Bernice Perkins was a hard-working woman with pride, but none of it was false.
She raised her family on modest means without complaint but great dignity, teaching them to treat others as they wanted to be treated.
She was proud of all her children equally, and to her Sidney Moncrief was just one of her beloved flock. In the decades Moncrief was the high-flying University of Arkansas, Fayetteville Razorbacks guard and later with the Milwaukee Bucks, she would mention his little brother, Doyle, right along with Sidney.
Moncrief lightened his mom's load after he signed with the Bucks and would have done more, but she was not one to ask for much.
Last Friday, with Super Sid there, Perkins died. She was 92 and had a good life that was filled with friends and family.
At the same moment when she passed Doyle quit breathing, but he was resuscitated and made it until Tuesday when he died, too.
A celebration of their lives will be held Friday -- the day the family reunion was supposed to start -- at 1 p.m. at the William Robinson First Baptist Church at 811 SA Jones Drive in North Little Rock. That was Doyle's home church.
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AETN has a feature, Men and Women of Distinction, and the latest documentary is on boxing Hall of Famer Ray Rodgers, who has run the Golden and Silver Gloves tournaments in Arkansas for decades.
Rodgers has touched tens of thousands of lives through the years, teaching boxing along with self-control, self-discipline and self-confidence.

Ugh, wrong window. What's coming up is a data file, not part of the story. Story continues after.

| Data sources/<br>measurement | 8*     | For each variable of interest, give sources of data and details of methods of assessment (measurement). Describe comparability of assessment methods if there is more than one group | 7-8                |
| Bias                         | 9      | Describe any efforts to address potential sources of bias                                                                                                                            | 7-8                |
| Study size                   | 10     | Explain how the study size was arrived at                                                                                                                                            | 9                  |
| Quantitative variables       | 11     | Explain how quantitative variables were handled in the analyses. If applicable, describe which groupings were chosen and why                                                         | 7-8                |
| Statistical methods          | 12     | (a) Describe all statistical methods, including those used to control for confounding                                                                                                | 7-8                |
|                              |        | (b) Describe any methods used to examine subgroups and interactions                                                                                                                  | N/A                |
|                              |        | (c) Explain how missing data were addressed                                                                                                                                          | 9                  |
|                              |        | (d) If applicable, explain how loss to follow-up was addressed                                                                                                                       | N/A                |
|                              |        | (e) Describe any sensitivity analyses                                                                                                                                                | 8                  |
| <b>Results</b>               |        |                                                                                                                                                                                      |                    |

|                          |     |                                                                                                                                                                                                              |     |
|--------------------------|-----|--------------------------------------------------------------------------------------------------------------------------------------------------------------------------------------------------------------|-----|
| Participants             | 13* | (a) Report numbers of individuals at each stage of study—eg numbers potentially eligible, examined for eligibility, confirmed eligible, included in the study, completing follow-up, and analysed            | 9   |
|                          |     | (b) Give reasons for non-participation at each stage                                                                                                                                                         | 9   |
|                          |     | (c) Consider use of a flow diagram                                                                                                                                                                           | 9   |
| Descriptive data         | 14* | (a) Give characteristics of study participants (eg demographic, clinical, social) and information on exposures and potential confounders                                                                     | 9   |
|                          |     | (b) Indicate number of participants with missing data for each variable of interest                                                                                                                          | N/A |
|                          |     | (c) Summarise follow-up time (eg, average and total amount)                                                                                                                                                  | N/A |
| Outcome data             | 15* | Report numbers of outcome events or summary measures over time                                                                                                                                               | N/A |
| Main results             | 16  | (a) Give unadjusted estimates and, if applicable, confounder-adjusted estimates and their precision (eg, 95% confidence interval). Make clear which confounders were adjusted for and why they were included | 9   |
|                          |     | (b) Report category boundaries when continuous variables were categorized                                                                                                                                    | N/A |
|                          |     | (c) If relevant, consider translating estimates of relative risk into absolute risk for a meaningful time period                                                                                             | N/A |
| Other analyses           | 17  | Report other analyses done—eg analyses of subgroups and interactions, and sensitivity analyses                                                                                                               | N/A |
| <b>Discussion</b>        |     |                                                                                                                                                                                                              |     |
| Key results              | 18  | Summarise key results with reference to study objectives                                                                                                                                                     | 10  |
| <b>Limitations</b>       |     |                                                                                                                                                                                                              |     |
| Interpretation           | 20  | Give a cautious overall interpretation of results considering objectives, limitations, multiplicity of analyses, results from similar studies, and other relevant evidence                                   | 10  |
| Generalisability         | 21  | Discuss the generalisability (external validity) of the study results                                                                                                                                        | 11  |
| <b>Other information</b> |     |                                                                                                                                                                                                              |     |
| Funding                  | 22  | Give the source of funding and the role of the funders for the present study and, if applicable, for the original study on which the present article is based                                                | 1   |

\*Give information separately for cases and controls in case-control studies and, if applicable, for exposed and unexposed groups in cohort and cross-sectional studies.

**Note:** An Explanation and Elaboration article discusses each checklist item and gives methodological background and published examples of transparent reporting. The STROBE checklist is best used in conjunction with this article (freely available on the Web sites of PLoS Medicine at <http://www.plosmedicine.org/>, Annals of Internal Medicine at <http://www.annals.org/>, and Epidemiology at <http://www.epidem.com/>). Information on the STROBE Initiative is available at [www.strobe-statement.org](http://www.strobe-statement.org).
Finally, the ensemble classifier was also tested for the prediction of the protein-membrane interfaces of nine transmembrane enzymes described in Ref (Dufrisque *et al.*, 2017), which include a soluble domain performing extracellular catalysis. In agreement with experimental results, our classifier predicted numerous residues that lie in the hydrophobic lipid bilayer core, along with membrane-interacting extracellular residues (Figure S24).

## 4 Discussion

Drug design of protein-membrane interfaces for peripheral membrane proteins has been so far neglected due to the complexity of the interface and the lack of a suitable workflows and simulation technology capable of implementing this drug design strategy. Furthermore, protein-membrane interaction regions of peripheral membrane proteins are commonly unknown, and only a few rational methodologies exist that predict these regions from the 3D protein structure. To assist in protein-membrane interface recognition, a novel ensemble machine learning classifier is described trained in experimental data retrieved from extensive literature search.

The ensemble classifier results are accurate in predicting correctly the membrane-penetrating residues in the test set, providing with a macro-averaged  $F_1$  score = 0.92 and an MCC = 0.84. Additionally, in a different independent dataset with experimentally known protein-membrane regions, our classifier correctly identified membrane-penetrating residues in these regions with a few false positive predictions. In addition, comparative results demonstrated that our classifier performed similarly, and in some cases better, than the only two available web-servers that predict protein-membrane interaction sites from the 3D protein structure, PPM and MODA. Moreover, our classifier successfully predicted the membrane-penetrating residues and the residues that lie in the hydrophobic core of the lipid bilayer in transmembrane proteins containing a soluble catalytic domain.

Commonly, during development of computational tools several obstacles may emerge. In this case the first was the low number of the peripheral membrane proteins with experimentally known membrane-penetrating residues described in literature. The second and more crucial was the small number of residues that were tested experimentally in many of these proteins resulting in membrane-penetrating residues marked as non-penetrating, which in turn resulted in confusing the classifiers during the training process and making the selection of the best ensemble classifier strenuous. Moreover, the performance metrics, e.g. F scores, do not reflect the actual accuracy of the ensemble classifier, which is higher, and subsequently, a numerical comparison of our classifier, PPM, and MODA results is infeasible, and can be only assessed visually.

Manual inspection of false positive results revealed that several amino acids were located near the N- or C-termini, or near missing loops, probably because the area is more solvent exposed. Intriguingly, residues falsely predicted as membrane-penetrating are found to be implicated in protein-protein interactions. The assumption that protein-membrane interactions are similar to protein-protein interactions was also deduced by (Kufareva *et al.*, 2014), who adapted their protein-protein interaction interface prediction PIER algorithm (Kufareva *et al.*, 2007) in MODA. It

He also worked as the cut man for Jermaine Taylor and got national attention during the first fight with Bernard Hopkins when he was trying to stop the bleeding on the top of Taylor's head.
The referee wanted to stop the fight or get it restarted and said something to Rodgers, who shouted over his shoulder, "Get out of here and let me do my job."
The bleeding stopped and Taylor won the fight.
AETN will broadcast the documentary on Rodgers at 6:30 p.m. Aug. 6.
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Much is being said and written about the fact that Paul Finebaum's contract with ESPN and the SEC Network expires at the end of the month.
Finebaum has announced he intends to be in Atlanta for the SEC football media days next week.
The rumor is that he may be going to the Big Ten Network, but in the world of TV, much like the world of coaching, someone has to want you before are going to get a better contract.
Finebaum has become synonymous with the SEC Network with his daily television show that is very similar to a radio call-in show but televised.
It is a good show.
Finebaum has paid his dues, too. The Memphis native and graduate of the University of Tennessee started his career as a newspaper reporter, moved up to columnist, added a small radio show that he later syndicated and was part of the groundbreaking broadcasts of the SEC Network.
Finebaum has a good agent and both are aware of the layoffs and financial cuts ESPN has been making for almost two years.
Look for him to get a new contract with the SEC Network.
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USA Today named Little Rock and Fort Smith to its list of worst cities to live in. Going on the crime numbers and jobs it quoted it would be hard to argue against those choices.
Of course, the miles of miles of the Arkansas River Trail in central Arkansas weren't taken into account, nor did anyone attend a game at Dickey-Stephens Park.
They probably didn't visit the River Market, eat at Corky's, Doe's or any of the other fabulous restaurants, and most likely didn't hear The Villa is reopening next month.
Little Rock and Fort Smith have a lot going for them, too.
Sports on 07/12/2018
Print Headline: Perkins known as selfless woman, mother